Patellar Lucation Parts 1 - 4: Lecture Series
Patellar Luxation Part 1: Pathoanatomy, Diagnostic Tips and Client Education
This lecture begins with a discussion of what determines whether the patella tracks normally or it luxates. Understanding of this relevant pathoanatomy guides the veterinarian in their diagnostic methods, client education, case selection, and surgical techniques. Diagnostic tips include a discussion of breeds at risk for medial patellar luxation (MPL) vs. lateral patellar luxation (LPL), gait patterns typical of MPL and LPL, the importance of the standing examination and hip extension, video demonstration of cruciate ligament evaluation and common radiographic errors that can be avoided. This module concludes with a discussion of evidence-based answers to questions commonly asked by pet owners. After attending this lecture, attendees will be better able to understand and diagnose patellar luxation (including the difficult cases) and to educate pet owners with regard to their commonly asked questions.
Patellar Luxation Part 2: Case Selection and Surgical Approach
It has been said that “God’s problems become the surgeon’s problem as soon as a scalpel touches the patient”…life is too short to spend lots of time and anguish managing patient complications that could have easily been avoided in the first place! This lecture will utilize an evidence-based approach (supplemented by Dr. Palmer’s experience) to guide you in case selection so that you can enjoy more than your share of “surgical successes” and avoid the cases that are at risk of developing complications. You will also learn Dr. Palmer’s general step-by-step approach to patellar surgery as well view video demonstrations of a medial and lateral parapatellar arthrotomy.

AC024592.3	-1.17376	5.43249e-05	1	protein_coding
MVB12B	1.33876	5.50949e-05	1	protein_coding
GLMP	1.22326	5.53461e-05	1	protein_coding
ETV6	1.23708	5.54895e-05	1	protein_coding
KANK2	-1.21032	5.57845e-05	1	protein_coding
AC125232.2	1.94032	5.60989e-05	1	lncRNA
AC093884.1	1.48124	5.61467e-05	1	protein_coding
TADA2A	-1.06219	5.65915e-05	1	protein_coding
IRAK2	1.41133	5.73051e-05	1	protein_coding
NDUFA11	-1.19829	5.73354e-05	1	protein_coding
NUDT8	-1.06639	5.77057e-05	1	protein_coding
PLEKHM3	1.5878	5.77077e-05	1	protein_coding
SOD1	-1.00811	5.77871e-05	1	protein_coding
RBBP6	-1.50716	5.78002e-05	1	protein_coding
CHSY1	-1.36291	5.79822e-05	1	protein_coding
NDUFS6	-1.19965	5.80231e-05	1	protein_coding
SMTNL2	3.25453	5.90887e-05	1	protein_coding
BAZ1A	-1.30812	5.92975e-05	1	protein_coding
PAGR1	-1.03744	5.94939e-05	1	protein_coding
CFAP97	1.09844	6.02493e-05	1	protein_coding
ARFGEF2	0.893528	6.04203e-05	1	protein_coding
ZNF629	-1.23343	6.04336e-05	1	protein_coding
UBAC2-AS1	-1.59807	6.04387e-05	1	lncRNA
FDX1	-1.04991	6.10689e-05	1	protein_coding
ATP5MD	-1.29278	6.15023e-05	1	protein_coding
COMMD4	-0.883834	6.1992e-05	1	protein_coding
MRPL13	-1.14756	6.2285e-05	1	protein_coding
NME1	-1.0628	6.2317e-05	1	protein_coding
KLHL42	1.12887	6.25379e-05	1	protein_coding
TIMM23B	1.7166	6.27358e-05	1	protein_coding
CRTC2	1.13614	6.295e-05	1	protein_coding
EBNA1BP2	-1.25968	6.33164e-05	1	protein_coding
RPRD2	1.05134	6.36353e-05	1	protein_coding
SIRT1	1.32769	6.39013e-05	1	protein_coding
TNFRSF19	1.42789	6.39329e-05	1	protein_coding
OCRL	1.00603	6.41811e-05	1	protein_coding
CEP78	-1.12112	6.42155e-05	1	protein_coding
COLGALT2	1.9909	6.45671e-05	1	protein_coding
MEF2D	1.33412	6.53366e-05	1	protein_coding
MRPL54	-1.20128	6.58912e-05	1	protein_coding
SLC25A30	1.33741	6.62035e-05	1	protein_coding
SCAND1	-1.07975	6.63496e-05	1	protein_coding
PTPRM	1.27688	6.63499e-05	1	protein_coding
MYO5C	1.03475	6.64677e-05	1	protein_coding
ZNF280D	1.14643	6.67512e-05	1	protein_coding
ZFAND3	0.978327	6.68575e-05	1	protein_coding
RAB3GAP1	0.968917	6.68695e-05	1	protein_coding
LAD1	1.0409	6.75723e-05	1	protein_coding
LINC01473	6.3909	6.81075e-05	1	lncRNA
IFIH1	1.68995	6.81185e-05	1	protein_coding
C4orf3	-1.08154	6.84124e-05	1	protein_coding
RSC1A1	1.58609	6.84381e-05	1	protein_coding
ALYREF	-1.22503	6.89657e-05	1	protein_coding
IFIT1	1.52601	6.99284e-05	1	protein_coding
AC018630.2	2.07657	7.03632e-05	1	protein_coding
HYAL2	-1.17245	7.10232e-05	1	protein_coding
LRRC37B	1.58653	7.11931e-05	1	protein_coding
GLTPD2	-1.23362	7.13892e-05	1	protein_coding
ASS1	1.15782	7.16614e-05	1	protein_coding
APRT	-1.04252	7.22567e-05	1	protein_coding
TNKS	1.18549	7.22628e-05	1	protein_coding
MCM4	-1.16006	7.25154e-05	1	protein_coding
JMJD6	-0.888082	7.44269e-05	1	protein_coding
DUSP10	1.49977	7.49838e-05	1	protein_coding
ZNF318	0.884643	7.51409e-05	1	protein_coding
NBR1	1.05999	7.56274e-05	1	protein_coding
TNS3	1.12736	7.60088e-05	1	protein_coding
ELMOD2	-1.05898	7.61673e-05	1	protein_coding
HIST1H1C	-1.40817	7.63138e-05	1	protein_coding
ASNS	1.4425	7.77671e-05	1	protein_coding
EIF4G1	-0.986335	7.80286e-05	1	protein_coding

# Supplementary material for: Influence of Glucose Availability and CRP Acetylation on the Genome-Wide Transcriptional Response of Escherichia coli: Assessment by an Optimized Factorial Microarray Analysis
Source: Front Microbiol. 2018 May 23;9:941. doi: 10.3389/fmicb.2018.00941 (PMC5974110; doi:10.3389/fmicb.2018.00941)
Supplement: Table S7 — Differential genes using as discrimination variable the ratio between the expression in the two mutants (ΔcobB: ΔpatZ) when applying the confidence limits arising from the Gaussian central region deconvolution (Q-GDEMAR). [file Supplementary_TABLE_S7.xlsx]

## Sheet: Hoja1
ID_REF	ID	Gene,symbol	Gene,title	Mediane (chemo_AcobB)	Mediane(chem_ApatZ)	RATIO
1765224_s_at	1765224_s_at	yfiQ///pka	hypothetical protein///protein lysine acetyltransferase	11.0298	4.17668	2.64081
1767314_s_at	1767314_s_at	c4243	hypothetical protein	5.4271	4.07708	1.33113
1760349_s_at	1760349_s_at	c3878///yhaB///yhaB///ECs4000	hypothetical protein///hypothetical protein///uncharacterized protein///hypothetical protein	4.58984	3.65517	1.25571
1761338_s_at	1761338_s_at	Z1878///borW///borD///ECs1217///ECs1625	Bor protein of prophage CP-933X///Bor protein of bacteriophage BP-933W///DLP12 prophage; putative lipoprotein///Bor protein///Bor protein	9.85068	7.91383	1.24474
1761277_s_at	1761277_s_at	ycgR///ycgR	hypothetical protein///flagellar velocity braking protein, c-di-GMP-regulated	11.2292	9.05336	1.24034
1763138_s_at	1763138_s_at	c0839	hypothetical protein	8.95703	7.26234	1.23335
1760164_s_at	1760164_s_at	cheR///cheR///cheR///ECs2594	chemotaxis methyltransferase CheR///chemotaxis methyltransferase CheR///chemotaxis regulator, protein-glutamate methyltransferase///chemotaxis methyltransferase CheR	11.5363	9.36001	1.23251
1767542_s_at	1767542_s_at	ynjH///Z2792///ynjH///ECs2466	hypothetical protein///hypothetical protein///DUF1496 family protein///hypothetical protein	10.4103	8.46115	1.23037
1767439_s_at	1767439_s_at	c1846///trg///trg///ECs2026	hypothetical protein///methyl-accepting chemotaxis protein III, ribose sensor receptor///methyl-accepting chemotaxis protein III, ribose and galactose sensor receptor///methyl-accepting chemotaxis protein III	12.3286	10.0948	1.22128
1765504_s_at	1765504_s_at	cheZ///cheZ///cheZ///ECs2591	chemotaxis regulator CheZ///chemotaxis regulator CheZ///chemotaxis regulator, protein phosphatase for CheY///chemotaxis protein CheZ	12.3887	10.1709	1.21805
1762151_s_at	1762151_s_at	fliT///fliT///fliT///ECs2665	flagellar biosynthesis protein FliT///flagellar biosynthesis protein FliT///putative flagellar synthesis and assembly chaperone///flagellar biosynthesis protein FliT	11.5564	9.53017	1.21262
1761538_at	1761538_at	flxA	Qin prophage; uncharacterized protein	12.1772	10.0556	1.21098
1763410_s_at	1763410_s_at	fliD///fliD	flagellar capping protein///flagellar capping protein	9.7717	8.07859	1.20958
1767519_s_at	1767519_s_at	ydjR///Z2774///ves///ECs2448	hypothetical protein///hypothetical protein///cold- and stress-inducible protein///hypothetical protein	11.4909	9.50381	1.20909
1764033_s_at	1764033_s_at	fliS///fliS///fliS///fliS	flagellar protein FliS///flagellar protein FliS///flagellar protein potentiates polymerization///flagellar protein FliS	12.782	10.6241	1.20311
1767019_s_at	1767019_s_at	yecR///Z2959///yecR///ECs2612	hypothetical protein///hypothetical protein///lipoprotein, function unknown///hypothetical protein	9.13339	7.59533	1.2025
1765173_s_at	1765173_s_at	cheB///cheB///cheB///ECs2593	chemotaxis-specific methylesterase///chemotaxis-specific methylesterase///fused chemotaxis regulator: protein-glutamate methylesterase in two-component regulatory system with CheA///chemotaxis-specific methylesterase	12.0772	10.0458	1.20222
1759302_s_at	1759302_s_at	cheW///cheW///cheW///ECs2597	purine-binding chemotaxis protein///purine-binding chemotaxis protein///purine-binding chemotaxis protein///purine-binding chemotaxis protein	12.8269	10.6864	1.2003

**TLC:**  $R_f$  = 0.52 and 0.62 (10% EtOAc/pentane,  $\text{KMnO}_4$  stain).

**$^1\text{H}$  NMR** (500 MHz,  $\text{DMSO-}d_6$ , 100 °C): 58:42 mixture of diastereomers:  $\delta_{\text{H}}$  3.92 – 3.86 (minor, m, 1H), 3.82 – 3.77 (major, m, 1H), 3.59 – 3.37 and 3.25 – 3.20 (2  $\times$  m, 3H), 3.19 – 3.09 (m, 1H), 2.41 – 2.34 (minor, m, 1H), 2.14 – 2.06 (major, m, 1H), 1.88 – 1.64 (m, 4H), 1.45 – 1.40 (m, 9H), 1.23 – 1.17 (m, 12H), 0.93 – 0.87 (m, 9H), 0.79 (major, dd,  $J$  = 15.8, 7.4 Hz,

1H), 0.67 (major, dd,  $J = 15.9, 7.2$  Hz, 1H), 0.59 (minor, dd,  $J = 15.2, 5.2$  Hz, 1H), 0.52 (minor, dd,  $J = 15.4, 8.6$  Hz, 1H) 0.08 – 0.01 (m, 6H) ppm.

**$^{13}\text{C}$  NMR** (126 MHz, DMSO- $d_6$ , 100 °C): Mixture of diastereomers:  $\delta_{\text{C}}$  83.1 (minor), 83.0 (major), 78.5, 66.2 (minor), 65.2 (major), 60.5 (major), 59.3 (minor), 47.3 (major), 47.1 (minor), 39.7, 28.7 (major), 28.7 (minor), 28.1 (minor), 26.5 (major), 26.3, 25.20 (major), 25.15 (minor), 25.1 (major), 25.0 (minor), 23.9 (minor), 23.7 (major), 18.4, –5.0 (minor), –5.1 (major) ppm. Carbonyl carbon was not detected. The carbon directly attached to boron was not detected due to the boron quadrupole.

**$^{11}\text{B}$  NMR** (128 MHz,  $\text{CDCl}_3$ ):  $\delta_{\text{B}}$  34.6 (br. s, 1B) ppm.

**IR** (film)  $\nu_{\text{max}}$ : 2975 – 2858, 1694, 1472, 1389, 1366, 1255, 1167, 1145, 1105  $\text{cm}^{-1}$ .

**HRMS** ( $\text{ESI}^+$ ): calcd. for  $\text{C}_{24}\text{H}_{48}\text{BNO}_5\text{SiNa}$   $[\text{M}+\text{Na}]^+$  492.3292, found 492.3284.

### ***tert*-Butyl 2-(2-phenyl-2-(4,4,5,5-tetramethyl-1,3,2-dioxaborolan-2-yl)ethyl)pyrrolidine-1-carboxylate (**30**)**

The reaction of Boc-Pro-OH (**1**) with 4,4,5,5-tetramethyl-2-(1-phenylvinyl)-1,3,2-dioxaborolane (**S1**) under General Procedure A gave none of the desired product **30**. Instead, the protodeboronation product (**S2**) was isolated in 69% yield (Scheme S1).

Patellar Luxation Part 3: Trochleoplasty and Tibial Crest Transposition
In this module, you will learn how to determine if your patient requires a trochleoplasty and how to perform abrasion, wedge, block and trochlear chondroplasty techniques. Liberal use of video demonstration will provide the attendee with great insight in how to effectively perform wedge and block trochleoplasty techniques including some tips that you won’t find in the textbooks! Next you will learn how to determine if your patient requires a tibial crest transposition before learning new surgical techniques such as the “temporary door stopper needle” that simplify the procedure for the novice (and ‘not-so-novice’) surgeon.
Patellar Luxation Part 4: Soft Tissue Tension Balancing, Surgical Instrumentation, and Postoperative Care
Attendees will enjoy high resolution video footage from Dr. Palmer’s operating room as they learn about capsular release, quadriceps release, and imbrication surgical techniques. You will then benefit from Dr. P’s discussion of ‘tools of the trade’ that are useful in each component of patellar luxation corrective surgery. Finally, Dr. P (aka ‘the Patella Fella’) will provide attendees with a lively discussion of the goals and “how to” techniques of postoperative care and lifelong joint support following patellar luxation surgery.